The Milky Way halo in the Gaia era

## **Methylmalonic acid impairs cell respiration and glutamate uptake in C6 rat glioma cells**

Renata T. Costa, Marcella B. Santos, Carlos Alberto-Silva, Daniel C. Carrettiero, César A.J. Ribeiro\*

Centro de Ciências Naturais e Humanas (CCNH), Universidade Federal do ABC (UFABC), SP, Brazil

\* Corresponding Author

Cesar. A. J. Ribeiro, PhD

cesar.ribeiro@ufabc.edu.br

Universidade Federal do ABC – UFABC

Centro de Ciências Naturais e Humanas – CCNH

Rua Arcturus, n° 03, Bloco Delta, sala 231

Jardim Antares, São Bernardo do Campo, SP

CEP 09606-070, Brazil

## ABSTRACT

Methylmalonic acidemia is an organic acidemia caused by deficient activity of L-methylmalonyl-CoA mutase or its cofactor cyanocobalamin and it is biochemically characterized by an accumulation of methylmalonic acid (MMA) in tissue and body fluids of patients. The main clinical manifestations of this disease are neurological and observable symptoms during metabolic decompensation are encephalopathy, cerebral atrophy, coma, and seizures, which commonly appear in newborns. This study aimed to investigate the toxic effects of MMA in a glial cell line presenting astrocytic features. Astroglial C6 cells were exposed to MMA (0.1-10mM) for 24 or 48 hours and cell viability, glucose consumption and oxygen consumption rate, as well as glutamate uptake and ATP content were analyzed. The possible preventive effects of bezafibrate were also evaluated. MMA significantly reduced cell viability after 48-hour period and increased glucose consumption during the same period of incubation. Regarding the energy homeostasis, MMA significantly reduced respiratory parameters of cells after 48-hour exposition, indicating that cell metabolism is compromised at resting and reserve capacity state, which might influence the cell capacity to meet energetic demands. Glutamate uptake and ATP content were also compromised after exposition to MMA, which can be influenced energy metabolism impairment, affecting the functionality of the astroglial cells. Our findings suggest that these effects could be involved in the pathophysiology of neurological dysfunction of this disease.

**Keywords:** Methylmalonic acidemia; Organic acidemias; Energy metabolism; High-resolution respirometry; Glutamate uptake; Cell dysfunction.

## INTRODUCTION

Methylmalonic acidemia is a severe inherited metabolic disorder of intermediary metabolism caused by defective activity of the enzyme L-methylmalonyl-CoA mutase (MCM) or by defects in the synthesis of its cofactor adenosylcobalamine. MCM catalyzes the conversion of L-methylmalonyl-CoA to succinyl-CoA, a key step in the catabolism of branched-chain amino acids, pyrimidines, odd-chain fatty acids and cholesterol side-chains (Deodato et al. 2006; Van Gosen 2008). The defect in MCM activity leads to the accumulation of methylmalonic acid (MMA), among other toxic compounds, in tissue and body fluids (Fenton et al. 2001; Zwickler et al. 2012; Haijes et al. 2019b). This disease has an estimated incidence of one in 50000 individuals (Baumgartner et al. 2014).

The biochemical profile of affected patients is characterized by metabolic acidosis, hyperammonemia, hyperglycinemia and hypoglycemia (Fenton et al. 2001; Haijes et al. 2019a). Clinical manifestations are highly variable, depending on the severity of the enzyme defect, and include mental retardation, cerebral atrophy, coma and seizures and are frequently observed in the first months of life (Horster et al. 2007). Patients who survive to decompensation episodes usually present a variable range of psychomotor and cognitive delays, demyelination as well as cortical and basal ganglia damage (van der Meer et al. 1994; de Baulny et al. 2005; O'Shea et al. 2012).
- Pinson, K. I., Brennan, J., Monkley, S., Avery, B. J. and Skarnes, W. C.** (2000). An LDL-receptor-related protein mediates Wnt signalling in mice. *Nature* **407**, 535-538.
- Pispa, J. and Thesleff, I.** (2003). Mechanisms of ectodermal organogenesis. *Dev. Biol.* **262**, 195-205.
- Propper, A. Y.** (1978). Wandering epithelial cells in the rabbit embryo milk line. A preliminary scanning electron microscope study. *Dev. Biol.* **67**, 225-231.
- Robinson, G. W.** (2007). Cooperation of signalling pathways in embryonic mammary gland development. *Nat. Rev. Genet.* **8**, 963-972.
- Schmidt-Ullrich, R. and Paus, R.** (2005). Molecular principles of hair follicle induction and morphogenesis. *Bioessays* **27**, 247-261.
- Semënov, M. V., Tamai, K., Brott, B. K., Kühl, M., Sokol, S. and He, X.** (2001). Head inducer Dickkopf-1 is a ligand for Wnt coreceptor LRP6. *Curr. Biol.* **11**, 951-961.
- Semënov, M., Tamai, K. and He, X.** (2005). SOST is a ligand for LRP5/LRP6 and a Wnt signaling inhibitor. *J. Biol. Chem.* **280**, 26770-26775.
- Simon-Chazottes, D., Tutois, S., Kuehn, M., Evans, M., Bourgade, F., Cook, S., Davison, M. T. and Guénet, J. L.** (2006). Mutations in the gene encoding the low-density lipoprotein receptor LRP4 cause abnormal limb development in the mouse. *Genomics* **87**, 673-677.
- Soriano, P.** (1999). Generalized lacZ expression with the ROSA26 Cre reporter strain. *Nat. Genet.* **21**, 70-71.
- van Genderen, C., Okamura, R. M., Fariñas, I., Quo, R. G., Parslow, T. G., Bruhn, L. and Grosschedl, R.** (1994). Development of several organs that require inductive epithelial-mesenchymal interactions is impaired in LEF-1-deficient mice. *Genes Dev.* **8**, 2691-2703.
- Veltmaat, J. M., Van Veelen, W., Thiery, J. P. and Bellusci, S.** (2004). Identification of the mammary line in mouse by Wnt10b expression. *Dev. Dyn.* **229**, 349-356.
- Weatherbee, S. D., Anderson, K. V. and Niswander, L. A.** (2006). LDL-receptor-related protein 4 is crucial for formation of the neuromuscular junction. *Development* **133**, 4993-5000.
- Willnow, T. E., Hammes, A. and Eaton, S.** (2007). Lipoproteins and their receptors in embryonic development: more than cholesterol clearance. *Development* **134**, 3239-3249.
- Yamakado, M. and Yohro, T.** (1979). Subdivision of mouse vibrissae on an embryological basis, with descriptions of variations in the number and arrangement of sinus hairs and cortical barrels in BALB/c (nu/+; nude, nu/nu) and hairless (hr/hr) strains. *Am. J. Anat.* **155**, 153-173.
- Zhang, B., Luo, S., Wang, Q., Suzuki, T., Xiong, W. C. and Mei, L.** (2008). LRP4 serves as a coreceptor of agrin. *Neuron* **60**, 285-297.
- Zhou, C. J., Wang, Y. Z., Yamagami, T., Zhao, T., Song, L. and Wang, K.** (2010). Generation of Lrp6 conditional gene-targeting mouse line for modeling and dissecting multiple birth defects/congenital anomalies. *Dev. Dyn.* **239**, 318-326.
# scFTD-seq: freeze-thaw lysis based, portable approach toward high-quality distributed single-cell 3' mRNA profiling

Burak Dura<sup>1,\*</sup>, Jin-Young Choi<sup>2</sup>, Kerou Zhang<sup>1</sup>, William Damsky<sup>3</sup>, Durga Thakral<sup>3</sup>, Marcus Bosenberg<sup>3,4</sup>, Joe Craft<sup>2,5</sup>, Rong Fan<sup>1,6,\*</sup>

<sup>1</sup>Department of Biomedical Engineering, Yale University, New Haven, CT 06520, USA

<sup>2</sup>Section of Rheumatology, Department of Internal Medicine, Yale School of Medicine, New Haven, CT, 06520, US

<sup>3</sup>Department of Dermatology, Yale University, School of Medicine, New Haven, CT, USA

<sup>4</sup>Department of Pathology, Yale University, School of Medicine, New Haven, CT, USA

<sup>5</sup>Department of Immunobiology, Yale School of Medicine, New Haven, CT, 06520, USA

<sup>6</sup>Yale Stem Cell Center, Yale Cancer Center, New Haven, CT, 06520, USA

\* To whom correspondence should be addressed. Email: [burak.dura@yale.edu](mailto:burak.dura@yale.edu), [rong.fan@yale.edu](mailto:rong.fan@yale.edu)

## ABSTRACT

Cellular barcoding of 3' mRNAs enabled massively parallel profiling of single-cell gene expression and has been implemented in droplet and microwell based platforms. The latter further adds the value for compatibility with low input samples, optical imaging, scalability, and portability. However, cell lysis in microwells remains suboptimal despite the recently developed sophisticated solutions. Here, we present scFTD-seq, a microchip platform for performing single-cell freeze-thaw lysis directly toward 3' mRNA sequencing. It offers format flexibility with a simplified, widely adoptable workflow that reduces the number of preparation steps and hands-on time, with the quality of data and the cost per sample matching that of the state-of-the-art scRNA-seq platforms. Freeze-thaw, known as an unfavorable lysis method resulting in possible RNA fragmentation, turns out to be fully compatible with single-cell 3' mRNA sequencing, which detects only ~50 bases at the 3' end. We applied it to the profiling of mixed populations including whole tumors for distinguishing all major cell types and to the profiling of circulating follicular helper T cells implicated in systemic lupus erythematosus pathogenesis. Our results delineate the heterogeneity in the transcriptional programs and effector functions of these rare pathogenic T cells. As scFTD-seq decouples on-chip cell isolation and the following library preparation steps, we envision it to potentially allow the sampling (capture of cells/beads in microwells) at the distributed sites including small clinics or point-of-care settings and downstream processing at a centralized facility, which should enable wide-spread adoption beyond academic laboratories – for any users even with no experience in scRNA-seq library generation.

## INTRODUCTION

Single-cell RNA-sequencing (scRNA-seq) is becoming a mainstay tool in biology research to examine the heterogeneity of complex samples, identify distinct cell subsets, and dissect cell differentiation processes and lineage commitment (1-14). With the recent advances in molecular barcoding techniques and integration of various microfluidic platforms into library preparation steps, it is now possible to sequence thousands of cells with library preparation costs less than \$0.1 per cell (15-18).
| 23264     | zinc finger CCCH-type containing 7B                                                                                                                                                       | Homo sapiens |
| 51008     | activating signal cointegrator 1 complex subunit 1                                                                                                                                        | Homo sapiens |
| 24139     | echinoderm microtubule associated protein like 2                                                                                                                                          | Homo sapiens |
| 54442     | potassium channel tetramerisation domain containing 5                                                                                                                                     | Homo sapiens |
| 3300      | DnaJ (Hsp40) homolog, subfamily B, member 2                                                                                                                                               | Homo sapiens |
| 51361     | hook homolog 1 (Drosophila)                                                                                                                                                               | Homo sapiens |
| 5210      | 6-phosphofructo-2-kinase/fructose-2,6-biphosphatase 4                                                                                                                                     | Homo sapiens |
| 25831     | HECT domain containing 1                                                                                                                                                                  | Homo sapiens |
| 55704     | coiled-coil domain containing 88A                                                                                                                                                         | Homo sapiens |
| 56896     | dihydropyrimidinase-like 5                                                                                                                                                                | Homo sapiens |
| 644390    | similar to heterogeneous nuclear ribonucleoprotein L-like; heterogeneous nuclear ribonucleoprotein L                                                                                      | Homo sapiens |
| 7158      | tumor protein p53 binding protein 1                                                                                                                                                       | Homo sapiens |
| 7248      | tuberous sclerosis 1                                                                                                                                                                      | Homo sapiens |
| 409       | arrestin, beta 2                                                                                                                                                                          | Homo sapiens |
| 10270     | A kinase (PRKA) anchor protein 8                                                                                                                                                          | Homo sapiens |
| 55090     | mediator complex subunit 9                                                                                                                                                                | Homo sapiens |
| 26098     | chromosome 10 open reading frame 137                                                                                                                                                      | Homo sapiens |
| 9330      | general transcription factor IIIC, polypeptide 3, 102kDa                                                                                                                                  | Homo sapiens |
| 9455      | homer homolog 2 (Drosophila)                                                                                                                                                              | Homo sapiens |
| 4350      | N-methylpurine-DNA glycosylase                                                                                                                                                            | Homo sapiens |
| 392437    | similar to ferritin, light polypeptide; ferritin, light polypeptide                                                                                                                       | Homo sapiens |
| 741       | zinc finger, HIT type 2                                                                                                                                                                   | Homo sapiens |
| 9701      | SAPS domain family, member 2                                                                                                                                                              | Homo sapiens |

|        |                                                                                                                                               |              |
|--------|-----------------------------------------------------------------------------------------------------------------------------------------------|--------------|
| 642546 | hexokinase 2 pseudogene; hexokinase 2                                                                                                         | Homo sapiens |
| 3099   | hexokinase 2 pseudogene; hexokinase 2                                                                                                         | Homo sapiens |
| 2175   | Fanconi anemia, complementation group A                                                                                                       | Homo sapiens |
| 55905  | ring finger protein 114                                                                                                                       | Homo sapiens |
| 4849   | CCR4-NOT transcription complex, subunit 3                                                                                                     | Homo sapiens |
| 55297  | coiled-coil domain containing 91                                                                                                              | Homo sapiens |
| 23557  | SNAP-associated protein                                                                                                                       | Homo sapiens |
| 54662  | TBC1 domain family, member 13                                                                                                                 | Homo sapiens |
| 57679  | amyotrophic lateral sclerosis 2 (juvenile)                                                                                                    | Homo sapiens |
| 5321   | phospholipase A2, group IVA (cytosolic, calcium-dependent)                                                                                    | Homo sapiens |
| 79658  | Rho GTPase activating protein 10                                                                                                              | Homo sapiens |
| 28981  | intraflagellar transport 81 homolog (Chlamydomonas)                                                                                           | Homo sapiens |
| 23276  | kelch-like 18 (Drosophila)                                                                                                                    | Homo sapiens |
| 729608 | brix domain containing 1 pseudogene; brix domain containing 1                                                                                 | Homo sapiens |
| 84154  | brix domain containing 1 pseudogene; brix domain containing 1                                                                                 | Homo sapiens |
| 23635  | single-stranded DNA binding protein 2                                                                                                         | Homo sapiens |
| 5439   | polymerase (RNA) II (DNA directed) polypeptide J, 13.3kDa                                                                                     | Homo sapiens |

The Milky Way halo contains only 1% of its stars, but ~90% of the total mass, making it an ideal laboratory for mapping the distribution of dark matter on small scales as well as isolating processes at play in formation of galaxies. Hydrodynamical simulations show that the outer parts of Milky Way-like galaxies are entirely accreted from disrupting satellites, but the inner halos additionally have a component formed in situ. These processes are yet to be disentangled observationally. Combining the first year of Gaia data with ground-based spectroscopic surveys, we identified a metal-rich component of the stellar halo in the Solar neighborhood. Based on their orbital properties, we argue that these stars were formed in situ, originating from the inner Galaxy and having migrated to the Solar circle, thus becoming a part of the relaxed, inner halo population. The dynamical times are longer in the outer halo, such that tidally disrupting satellites are apparent as overdensities in the configuration space. Dozens of such events have been identified in the Milky Way halo, and provide not only irrefutable evidence for its accreted origin, but also serve as excellent tracers of the underlying gravitational potential. We show how to optimally map the distribution of matter in the Galaxy by incorporating constraints from multiple tidal streams, and chart the way forward in anticipation of the future Gaia data releases.